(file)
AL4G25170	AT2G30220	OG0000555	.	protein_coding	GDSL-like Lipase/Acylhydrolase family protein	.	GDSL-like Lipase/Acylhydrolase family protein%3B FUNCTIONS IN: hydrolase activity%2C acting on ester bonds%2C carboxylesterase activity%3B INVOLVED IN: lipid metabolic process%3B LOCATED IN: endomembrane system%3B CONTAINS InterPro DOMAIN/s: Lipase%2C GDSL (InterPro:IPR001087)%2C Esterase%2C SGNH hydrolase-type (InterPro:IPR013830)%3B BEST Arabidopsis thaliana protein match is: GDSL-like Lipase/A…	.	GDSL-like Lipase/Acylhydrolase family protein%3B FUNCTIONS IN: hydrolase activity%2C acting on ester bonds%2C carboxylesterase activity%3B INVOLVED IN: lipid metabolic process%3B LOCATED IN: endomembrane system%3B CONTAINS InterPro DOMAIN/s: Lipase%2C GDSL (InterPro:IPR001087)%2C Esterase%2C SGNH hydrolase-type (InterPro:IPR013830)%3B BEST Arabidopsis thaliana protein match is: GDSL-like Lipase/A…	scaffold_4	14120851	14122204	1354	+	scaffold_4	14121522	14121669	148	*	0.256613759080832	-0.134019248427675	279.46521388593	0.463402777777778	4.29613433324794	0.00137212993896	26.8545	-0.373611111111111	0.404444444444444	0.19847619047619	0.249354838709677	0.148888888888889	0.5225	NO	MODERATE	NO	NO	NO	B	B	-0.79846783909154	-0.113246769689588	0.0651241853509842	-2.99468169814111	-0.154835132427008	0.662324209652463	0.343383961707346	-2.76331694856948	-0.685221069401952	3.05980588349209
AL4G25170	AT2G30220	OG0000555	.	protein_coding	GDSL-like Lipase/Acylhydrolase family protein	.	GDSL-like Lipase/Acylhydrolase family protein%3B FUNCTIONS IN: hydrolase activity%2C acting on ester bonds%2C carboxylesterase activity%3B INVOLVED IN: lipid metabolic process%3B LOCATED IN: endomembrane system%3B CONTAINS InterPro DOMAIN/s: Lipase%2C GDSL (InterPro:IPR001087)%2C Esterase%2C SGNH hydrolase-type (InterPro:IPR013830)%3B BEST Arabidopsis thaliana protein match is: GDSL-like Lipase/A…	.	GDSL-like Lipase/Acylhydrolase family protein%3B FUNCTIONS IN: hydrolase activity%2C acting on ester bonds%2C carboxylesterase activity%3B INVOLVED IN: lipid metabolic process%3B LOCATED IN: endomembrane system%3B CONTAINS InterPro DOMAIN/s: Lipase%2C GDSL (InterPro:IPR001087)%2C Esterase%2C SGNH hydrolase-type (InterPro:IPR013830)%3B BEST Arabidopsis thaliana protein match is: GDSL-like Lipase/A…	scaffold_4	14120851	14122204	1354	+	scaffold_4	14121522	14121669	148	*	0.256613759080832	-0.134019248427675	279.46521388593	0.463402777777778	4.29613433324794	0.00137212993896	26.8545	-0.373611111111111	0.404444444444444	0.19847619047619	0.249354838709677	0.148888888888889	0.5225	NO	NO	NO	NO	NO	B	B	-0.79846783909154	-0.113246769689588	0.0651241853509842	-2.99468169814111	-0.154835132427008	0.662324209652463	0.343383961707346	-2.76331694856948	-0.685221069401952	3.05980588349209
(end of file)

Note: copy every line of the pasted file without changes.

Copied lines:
AL4G25170	AT2G30220	OG0000555	.	protein_coding	GDSL-like Lipase/Acylhydrolase family protein	.	GDSL-like Lipase/Acylhydrolase family protein%3B FUNCTIONS IN: hydrolase activity%2C acting on ester bonds%2C carboxylesterase activity%3B INVOLVED IN: lipid metabolic process%3B LOCATED IN: endomembrane system%3B CONTAINS InterPro DOMAIN/s: Lipase%2C GDSL (InterPro:IPR001087)%2C Esterase%2C SGNH hydrolase-type (InterPro:IPR013830)%3B BEST Arabidopsis thaliana protein match is: GDSL-like Lipase/A…	.	GDSL-like Lipase/Acylhydrolase family protein%3B FUNCTIONS IN: hydrolase activity%2C acting on ester bonds%2C carboxylesterase activity%3B INVOLVED IN: lipid metabolic process%3B LOCATED IN: endomembrane system%3B CONTAINS InterPro DOMAIN/s: Lipase%2C GDSL (InterPro:IPR001087)%2C Esterase%2C SGNH hydrolase-type (InterPro:IPR013830)%3B BEST Arabidopsis thaliana protein match is: GDSL-like Lipase/A…	scaffold_4	14120851	14122204	1354	+	scaffold_4	14121522	14121669	148	*	0.256613759080832	-0.134019248427675	279.46521388593	0.463402777777778	4.29613433324794	0.00137212993896	26.8545	-0.373611111111111	0.404444444444444	0.19847619047619	0.249354838709677	0.148888888888889	0.5225	NO	MODERATE	NO	NO	NO	B	B	-0.79846783909154	-0.113246769689588	0.0651241853509842	-2.99468169814111	-0.154835132427008	0.662324209652463	0.343383961707346	-2.76331694856948	-0.685221069401952	3.05980588349209
AL4G25170	AT2G30220	OG0000555	.	protein_coding	GDSL-like Lipase/Acylhydrolase family protein	.	GDSL-like Lipase/Acylhydrolase family protein%3B FUNCTIONS IN: hydrolase activity%2C acting on ester bonds%2C carboxylesterase activity%3B INVOLVED IN: lipid metabolic process%3B LOCATED IN: endomembrane system%3B CONTAINS InterPro DOMAIN/s: Lipase%2C GDSL (InterPro:IPR001087)%2C Esterase%2C SGNH hydrolase-type (InterPro:IPR013830)%3B BEST Arabidopsis thaliana protein match is: GDSL-like Lipase/A…	.	GDSL-like Lipase/Acylhydrolase family protein%3B FUNCTIONS IN: hydrolase activity%2C acting on ester bonds%2C carboxylesterase activity%3B INVOLVED IN: lipid metabolic process%3B LOCATED IN: endomembrane system%3B CONTAINS InterPro DOMAIN/s: Lipase%2C GDSL (InterPro:IPR001087)%2C Esterase%2C SGNH hydrolase-type (InterPro:IPR013830)%3B BEST Arabidopsis thaliana protein match is: GDSL-like Lipase/A…	scaffold_4	14120851	14122204	1354	+	scaffold_4	14121522	14121669	148	*	0.256613759080832	-0.134019248427675	279.46521388593	0.463402777777778	4.29613433324794	0.00137212993896	26.8545	-0.373611111111111	0.404444444444444	0.19847619047619	0.249354838709677	0.148888888888889	0.5225	NO	NO	NO	NO	NO	B	B	-0.79846783909154	-0.113246769689588	0.0651241853509842	-2.99468169814111	-0.154835132427008	0.662324209652463	0.343383961707346	-2.76331694856948	-0.685221069401952	3.05980588349209